From the Fort Collins Coloradoan (Jacy Marmaduke):
We’re not out of drought yet — the city and most of Larimer County remain in a moderate drought — but the new classification by the U.S. Drought Monitor is good news for Northern Colorado, which has been parched since June and officially entered drought territory in August.
A lot of factors go into the drought classification, including precipitation, soil moisture and stream flows, but it’s likely that recent snows in Northern Colorado and the Front Range were a big factor in the drought improvement. The monitor measures four stages of drought as well as abnormal dryness, the precursor to drought.
Thanks to big January snows, Fort Collins is right on the mark for average snowfall from November through mid-January and above the normal amount of precipitation, according to Colorado Climate Center data. The city has received 21.6 inches of snow since November and about 1.7 inches of precipitation, compared to 1981-2010 averages of 21.8 inches and 1.5 inches, respectively.
Meanwhile, several storms have hit the mountains that feed the South Platte River Basin, the main water supply for Northern Colorado, with 5 to 8 feet of snow since mid-November. That has the snowpack at 152 percent of normal for this time of year as of Friday.
From The Las Vegas Review-Journal (Henry Brean):
Snow is piling up in the Rockies and Sierra Nevada, but this year’s first official water forecast for the Colorado River still predicts Lake Mead will shrink enough to trigger a federal shortage declaration in 2018.
Federal forecasters expect the lake’s surface to drop by about 9 feet by the end of 2017, which would put it inches below the all-important shortage line of 1,075 feet above sea level. That would force Nevada and Arizona to cut their use of Colorado River water under rules adopted a decade ago…
The picture is much rosier — and whiter — in California’s drought-ravaged Sierra Nevada range, where snow accumulations are well above average for this time of year. The southern end of the range especially has received almost double its normal amount of snow so far.
While that precipitation doesn’t directly benefit Lake Mead or Southern Nevada, it could help reduce California’s need for Colorado River water by refilling reservoirs within the Golden State…
Nevada, California and Arizona are closing in on a drought contingency plan, under which the states would voluntarily reduce their use of Colorado River water to prop up the reservoir. Arizona and Nevada would bear the brunt of the cuts early on, but California would also accept reductions to its share of the river for the first time under the deal…
At the same time, water officials in the U.S. and Mexico are in talks to extend and expand a treaty that governs how the Colorado is managed across the international boundary.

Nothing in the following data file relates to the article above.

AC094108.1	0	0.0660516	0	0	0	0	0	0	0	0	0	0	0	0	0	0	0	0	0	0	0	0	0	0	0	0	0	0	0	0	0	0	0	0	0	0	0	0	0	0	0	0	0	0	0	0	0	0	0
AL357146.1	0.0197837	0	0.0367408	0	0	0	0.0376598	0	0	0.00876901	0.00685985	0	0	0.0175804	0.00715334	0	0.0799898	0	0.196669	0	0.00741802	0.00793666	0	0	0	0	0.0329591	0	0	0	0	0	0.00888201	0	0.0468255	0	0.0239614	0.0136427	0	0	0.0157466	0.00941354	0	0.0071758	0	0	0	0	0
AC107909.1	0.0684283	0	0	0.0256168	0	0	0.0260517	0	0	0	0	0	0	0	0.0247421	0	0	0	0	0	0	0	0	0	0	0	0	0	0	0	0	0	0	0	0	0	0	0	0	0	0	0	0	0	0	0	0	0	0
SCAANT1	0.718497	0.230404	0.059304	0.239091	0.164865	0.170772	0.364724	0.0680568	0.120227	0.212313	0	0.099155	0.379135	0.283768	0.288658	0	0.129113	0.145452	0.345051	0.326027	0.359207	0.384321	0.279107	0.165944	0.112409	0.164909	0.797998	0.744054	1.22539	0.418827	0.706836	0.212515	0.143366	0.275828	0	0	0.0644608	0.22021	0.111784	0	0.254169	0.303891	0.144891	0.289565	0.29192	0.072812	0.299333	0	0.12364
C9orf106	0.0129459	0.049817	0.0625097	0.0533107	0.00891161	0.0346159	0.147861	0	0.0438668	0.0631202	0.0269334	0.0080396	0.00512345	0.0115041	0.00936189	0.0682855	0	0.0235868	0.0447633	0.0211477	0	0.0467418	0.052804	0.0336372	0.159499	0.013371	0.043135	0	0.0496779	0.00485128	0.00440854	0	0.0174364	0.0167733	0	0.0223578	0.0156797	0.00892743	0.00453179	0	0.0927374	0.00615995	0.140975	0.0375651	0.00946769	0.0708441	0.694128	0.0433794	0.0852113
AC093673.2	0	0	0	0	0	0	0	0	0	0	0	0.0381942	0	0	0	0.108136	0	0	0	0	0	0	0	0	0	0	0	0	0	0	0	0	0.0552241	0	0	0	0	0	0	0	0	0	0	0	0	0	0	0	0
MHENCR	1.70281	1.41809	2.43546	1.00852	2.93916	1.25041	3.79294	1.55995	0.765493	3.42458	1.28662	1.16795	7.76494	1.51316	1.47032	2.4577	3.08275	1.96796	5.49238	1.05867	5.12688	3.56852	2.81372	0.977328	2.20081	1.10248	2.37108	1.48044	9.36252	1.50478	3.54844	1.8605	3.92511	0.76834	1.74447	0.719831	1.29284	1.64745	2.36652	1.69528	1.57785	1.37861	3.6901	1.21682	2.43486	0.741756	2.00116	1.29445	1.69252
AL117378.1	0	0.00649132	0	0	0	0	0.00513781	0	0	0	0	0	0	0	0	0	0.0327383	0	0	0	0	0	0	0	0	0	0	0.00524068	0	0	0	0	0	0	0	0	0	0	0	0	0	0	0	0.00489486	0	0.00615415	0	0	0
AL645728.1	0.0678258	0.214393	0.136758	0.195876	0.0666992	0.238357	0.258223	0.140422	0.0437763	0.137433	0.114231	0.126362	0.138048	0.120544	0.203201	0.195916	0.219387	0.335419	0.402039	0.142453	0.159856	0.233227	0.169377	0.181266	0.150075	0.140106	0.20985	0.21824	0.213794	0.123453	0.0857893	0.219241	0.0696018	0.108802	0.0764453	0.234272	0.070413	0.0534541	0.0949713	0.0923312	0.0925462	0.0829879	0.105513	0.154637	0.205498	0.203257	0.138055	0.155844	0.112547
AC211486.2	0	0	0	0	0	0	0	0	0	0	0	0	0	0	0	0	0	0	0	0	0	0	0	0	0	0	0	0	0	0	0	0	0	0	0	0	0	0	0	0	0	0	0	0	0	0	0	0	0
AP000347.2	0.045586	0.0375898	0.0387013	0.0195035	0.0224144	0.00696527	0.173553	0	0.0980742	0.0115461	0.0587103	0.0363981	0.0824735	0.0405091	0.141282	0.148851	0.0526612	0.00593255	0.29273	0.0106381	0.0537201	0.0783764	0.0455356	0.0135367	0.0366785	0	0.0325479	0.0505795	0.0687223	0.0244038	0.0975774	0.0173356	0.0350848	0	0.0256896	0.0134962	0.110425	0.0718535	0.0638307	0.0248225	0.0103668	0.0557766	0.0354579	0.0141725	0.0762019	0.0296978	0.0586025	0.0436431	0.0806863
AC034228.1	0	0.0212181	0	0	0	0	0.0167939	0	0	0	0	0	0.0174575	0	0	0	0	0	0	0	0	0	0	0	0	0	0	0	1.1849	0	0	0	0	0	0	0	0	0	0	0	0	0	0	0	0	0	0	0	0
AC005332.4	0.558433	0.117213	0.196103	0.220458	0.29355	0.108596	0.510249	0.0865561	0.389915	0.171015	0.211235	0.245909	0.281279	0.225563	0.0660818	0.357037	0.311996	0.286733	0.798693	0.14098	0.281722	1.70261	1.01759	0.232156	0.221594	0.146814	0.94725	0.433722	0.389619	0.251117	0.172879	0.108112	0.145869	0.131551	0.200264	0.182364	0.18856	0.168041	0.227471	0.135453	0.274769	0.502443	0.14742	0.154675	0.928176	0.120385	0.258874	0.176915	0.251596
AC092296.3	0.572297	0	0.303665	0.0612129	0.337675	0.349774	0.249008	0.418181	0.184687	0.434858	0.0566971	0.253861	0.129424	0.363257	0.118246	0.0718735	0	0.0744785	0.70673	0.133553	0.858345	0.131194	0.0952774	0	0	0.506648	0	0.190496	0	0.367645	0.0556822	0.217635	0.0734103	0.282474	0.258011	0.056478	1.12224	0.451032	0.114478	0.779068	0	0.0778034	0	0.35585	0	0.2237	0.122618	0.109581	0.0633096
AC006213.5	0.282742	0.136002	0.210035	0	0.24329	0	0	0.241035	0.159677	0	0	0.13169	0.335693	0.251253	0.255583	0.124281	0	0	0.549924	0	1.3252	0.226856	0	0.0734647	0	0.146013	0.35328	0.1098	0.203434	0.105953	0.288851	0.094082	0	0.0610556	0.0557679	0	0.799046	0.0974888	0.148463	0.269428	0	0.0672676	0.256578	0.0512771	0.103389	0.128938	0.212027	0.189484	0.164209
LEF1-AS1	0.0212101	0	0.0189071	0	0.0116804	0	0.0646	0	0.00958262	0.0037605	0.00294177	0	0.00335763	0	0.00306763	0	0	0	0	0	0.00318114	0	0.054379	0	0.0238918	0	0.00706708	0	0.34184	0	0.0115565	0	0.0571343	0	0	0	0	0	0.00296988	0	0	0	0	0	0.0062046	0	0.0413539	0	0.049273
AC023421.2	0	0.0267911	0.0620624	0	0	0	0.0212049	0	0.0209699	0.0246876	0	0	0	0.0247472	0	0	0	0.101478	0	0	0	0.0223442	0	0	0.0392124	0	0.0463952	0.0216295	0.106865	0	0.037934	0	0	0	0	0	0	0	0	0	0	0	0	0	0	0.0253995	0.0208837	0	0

The new agreement, known as Minute 32X, lets Mexico continue storing some of its annual river allotment in Lake Mead and allows U.S. water agencies to invest in water-saving projects south of the border for a share of the water that is saved. It also spells out Mexico’s share of any shortages that might be declared on the river.
From InkStain (John Fleck):
At this critical time of year for Colorado River snowpack, things are looking very good. For the first time this year, the April-July runoff forecast has climbed above 10 million acre feet.
The snowpack among the sites above Lake Powell where the federal government maintains real-time monitoring equipment is 57 percent above the long term median for this point in the year.
The amount of snow does not translate directly into river water because of a number of mediating factors – dry soils going into the season can soak up some of that, and warmer temperatures mean greater evaporation. That said, however, the latest model runs by the Colorado Basin River Forecast Center put April-July runoff at 40 percent above average. That’s the 10maf runoff forecast.
But since a key thing in water management is to enjoy the best but be ready for the worst, the most important thing in the CBRFC forecast is the forecasters’ bad news scenario. They calculate not only the most probable runoff, but also a sort of “worst case”, something you would expect in the driest 10 percent of years. That worst case right now is for above average runoff in the Colorado River Basin.
Here’s how this translates to policy, and why this is especially good news for those in the Lower Colorado River Basin trying to cope with the decline of Lake Mead. The nominal required release (shut up lawyers, I know that’s a contested characterization, let’s just go with it) from Lake Powell to Lake Mead each year is 8.23 million acre feet per year. When there’s more water in Powell, we move “bonus water” downstream, and lately there’s enough for 9 million acre foot releases. The current snowpack pretty greatly increases the probability of 9maf releases for the next couple of years, which makes it much easier to keep Mead from slipping into shortage.
The 1-in-10 best case scenario is nearly 13maf. Under Mead-Powell operating rules, a year like that would mean far more than 9 million acre feet for Lake Mead, which combined with current conservation efforts would buy the Lower Basin years of cushion before shortage.